House Committee Passes SHARE Act by Wide Margin

NRA-ILA

On Tuesday, the House Natural Resources Subcommittee on Federal Lands held a hearing on the Sportsmen's Heritage and Recreational Enhancement (SHARE) Act, which had been introduced on Sept. 1 by Congressman Jeff Duncan (R-SC). Following the subcommittee hearing, the full Committee on Natural Resources marked up and passed the SHARE Act by a vote of 22-13.  All amendments offered in an attempt to weaken the bill were soundly defeated.  The bill now awaits floor action in the U.S. House. 

As we have reported, this year’s version of the SHARE Act is the most expansive and far-reaching yet. Besides previously-introduced provisions aimed at enhancing opportunities for hunting, fishing, and shooting and broadening access to federal lands for these purposes, this year’s SHARE Act contains reforms that would widely benefit sportsmen and the gun-owning public at large. 

These reforms would protect Americans traveling interstate with lawfully-owned firearms, amend provisions of federal law that have been abused by antigun administrations to impose gun control by executive fiat, and make the health-promoting benefits of firearm sound suppressors more accessible. 

Attorney and constitutional scholar Steven Halbrook, who has litigated firearms issues before the U.S. Supreme Court, testified at Tuesday’s hearing that the Act would “enhance protection of Second Amendment guarantees” without “adversely affect[ing] law enforcement interests.” 

Halbrook provided background on several key provisions of the act. He noted that under current law, for example, certain federal courts have denied plaintiffs remedies for violation of their federally-protected right to transport unloaded firearms interstate between jurisdictions where they may be lawfully carried. This has emboldened certain states, like New York and New Jersey, to ignore these protections and arrest law-abiding Americans for exercising their rights under federal law.  “Title XI of the bill will rectify this affront to the right to travel and the Second Amendment by explicitly immunizing law-abiding travelers from arrest and recognizing a civil action for violation,” he stated.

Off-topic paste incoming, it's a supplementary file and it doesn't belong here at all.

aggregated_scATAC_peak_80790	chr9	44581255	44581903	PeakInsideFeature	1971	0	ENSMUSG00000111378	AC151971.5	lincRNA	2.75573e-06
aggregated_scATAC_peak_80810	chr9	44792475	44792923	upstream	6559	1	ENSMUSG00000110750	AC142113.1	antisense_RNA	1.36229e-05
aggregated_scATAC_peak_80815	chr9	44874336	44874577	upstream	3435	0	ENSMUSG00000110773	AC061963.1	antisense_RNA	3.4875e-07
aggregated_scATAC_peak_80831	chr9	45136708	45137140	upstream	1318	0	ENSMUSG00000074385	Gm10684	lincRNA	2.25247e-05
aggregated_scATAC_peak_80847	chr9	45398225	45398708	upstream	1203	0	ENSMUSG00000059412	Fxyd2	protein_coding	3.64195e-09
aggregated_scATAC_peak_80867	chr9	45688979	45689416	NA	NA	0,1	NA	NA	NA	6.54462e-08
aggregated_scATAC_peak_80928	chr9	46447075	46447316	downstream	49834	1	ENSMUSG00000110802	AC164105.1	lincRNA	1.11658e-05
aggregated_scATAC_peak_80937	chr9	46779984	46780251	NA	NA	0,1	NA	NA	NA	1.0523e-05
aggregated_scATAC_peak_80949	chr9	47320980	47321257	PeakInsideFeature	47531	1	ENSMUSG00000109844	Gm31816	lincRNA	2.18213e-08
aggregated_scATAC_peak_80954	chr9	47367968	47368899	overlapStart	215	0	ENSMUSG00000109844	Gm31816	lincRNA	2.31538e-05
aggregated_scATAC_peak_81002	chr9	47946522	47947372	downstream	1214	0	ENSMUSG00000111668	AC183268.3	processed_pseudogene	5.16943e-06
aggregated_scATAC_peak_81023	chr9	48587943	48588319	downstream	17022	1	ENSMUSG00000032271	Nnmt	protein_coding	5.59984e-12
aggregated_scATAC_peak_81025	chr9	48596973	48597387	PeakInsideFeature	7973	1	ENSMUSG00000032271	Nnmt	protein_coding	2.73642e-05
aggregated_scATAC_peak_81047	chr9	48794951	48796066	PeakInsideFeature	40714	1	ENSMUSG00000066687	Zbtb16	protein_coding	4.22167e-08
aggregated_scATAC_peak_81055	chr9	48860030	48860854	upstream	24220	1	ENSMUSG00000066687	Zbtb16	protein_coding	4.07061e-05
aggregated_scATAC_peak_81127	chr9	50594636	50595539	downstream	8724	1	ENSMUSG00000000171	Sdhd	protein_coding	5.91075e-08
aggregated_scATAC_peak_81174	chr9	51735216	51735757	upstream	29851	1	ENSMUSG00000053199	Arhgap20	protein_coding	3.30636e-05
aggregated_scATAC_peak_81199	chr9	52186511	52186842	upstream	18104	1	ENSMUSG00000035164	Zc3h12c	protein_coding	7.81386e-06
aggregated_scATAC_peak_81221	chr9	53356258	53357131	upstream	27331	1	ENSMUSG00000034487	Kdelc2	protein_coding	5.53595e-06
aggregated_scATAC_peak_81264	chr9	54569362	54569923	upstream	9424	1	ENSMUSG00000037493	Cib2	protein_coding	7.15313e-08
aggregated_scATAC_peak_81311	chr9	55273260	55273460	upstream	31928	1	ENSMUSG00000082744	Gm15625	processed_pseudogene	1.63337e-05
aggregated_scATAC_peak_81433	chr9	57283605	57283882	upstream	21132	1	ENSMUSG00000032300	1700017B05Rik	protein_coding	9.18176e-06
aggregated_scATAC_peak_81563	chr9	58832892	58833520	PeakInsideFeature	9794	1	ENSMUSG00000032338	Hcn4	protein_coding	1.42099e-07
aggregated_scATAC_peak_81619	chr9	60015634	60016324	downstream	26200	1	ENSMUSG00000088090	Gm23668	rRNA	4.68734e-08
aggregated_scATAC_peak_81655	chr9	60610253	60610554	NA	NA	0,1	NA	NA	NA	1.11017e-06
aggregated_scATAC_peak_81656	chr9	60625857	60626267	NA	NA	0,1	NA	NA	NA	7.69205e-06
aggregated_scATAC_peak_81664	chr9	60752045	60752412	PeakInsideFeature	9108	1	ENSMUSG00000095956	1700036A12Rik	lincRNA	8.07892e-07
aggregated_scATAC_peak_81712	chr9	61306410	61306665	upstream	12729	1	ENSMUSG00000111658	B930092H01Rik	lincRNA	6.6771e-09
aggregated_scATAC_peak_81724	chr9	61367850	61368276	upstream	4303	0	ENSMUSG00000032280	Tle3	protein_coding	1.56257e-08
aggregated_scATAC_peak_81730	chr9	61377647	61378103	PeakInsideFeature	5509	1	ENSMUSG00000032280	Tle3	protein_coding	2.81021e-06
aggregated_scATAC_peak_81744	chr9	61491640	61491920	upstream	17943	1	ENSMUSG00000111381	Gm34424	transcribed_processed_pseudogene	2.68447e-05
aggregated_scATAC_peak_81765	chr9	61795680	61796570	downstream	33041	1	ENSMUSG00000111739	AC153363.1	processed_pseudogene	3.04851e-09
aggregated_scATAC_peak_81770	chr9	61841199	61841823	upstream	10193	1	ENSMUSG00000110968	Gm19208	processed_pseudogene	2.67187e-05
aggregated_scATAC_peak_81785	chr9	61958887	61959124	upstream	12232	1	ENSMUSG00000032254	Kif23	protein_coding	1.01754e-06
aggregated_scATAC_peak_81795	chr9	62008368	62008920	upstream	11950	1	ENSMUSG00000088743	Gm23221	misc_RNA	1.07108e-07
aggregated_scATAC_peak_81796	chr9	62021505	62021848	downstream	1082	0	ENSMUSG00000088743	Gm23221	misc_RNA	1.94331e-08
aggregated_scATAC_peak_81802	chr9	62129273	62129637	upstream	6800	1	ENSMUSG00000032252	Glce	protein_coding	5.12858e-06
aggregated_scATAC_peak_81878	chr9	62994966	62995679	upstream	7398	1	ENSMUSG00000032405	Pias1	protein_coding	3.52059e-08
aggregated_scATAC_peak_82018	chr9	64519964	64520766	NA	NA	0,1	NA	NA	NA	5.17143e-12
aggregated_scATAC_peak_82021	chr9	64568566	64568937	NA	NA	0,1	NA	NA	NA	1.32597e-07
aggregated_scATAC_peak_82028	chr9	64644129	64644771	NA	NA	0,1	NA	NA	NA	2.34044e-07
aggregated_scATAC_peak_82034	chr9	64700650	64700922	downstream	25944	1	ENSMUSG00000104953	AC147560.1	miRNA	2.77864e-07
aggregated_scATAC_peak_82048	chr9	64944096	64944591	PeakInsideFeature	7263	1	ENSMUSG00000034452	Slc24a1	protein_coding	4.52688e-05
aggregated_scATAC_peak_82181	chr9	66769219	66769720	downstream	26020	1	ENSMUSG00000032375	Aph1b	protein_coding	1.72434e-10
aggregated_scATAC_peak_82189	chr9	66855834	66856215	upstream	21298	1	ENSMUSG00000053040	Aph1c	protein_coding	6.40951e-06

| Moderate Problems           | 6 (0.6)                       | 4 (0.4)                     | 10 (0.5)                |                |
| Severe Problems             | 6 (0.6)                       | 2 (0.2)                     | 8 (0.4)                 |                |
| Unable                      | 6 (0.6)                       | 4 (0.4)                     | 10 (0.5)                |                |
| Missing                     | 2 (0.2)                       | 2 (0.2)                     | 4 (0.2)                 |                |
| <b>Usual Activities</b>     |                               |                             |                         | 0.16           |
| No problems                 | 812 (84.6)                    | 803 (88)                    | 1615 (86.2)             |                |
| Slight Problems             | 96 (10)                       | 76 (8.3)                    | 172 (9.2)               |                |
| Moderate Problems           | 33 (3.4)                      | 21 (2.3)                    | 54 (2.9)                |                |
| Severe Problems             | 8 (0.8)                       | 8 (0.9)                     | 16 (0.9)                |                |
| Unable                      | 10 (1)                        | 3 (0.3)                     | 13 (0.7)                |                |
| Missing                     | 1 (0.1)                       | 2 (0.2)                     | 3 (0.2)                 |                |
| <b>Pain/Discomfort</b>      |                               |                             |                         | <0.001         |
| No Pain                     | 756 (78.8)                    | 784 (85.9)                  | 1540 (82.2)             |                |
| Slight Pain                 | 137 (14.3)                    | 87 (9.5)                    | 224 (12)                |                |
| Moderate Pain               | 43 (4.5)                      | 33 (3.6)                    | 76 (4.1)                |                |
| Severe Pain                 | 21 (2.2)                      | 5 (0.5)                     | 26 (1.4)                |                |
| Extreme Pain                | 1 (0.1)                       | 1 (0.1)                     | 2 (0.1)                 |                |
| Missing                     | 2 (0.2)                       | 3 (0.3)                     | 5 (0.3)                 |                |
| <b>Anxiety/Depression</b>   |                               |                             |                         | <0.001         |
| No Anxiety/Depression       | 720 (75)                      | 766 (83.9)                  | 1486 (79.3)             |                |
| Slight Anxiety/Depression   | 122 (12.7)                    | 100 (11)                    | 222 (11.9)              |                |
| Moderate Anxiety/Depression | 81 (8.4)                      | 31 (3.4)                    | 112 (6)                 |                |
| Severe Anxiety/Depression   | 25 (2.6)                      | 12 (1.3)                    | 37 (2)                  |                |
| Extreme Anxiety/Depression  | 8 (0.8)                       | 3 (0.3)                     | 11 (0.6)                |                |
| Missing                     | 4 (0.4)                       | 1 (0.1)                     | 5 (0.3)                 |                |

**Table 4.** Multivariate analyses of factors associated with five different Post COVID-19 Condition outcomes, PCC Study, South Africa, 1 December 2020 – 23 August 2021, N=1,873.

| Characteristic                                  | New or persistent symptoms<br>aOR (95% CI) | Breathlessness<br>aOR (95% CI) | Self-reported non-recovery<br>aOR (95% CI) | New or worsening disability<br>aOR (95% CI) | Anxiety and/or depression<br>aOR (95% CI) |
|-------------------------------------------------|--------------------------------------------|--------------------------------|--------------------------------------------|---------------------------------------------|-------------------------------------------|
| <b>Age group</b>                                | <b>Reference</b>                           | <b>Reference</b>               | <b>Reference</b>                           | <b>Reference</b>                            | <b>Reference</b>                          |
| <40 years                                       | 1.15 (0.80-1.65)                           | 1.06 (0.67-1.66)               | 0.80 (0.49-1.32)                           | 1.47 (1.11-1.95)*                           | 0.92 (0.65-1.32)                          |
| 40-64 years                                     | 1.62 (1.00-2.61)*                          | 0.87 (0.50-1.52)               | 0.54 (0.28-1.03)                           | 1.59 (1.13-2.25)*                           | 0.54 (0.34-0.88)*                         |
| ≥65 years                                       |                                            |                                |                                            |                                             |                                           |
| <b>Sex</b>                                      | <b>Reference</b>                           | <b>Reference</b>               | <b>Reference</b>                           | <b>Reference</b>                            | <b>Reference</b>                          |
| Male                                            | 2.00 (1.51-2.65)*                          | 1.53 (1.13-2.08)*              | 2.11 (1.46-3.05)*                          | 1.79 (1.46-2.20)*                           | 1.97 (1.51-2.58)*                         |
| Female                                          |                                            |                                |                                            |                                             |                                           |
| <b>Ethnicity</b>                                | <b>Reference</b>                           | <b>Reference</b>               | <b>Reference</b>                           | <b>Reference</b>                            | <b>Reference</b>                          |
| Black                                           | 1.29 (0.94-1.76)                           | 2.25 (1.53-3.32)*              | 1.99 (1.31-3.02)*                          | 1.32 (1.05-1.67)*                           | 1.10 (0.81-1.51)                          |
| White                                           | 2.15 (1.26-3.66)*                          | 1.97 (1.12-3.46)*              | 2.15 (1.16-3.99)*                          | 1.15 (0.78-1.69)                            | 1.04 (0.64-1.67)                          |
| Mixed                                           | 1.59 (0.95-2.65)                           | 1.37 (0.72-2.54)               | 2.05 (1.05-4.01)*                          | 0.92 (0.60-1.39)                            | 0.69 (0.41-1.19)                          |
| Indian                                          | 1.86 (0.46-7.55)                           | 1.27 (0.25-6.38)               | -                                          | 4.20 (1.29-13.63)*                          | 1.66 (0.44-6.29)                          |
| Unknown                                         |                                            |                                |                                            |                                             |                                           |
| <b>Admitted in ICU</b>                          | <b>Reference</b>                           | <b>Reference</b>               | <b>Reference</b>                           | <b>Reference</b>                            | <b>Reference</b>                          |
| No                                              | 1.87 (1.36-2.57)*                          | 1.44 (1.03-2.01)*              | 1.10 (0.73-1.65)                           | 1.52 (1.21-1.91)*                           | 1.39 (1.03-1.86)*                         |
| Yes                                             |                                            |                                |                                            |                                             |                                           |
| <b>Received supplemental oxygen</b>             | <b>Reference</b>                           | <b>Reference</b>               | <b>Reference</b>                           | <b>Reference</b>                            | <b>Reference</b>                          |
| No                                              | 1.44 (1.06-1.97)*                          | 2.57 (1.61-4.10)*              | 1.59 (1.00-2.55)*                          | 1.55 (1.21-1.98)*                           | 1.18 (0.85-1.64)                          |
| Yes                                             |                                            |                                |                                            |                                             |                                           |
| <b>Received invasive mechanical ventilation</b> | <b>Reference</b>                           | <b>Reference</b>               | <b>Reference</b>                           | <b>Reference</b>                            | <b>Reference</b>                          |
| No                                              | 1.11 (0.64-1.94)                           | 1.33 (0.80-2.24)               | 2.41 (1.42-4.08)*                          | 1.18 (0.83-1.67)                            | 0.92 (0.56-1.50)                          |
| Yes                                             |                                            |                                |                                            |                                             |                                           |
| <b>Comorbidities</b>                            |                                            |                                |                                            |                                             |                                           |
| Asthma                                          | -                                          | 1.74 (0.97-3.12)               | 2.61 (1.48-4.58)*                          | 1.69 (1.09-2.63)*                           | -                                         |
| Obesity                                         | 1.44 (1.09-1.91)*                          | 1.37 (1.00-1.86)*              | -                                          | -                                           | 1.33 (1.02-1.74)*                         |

Halbrook also testified about the benefits of suppressors and how they were rarely implicated in violent crime. “That is why suppressors are freely available,” he noted, “even over the counter or by mail order, in many European countries.” In this regard, the bill would eliminate the current $200 transfer tax and a federal approval process that can take as long as a year to complete. 

Others testifying focused on Title IV of the bill, the Recreational Fishing and Hunting Heritage Opportunities Act, which will reduce the regulatory burdens for federal agencies to promote hunting, fishing, and shooting on federal public lands across the nation.

Testifying against the bill was David Chipman, Senior Policy Advisor for the Gabby Giffords/Mark Kelly gun control group, Americans for Responsible Solutions. Chipman claimed to draw on his experience as a special agent for the Bureau of Alcohol, Tobacco, Firearms and Explosives (ATF) in arguing that the Act “assaults the interests of our nation's law enforcement officials and threatens our public safety and security.” In particular, his comments focused on the Act’s removal of impediments to the lawful purchase of suppressors. He also criticized the Act’s reforms to the “sporting purposes” standard for firearm importation.

Ironically, Ronald Turk, ATF’s current second-highest ranking official – who has spent over two decades working up the ranks of the agency from his initial assignments as a street agent – offered far different takes on these same issues in an interagency white paper that became public in February.  Turk cited both of these issues as ripe for “regulatory changes or modifications … that would have an immediate, positive impact on commerce and industry without significantly hindering ATFs mission or adversely affecting public safety.” 

Turk characterized the import restrictions cited by Chipman as serving “questionable public safety interests,” because they often affect firearms “already generally legally available for manufacture and ownership in the United States.” He also suggested a broader understanding of firearm “sports” was appropriate, to include activities and competitions that use “AR-15s, AK-style, and similar rifles.” Regarding suppressors, the white paper opined, “Given the lack of criminality associated with silencers, it is reasonable to conclude that they should not be viewed as a threat to public safety necessitating NFA classification, and should be considered for reclassification under the [Gun Control Act].”

The SHARE Act now heads to the House Floor, where it could receive consideration as early as Sept. 25.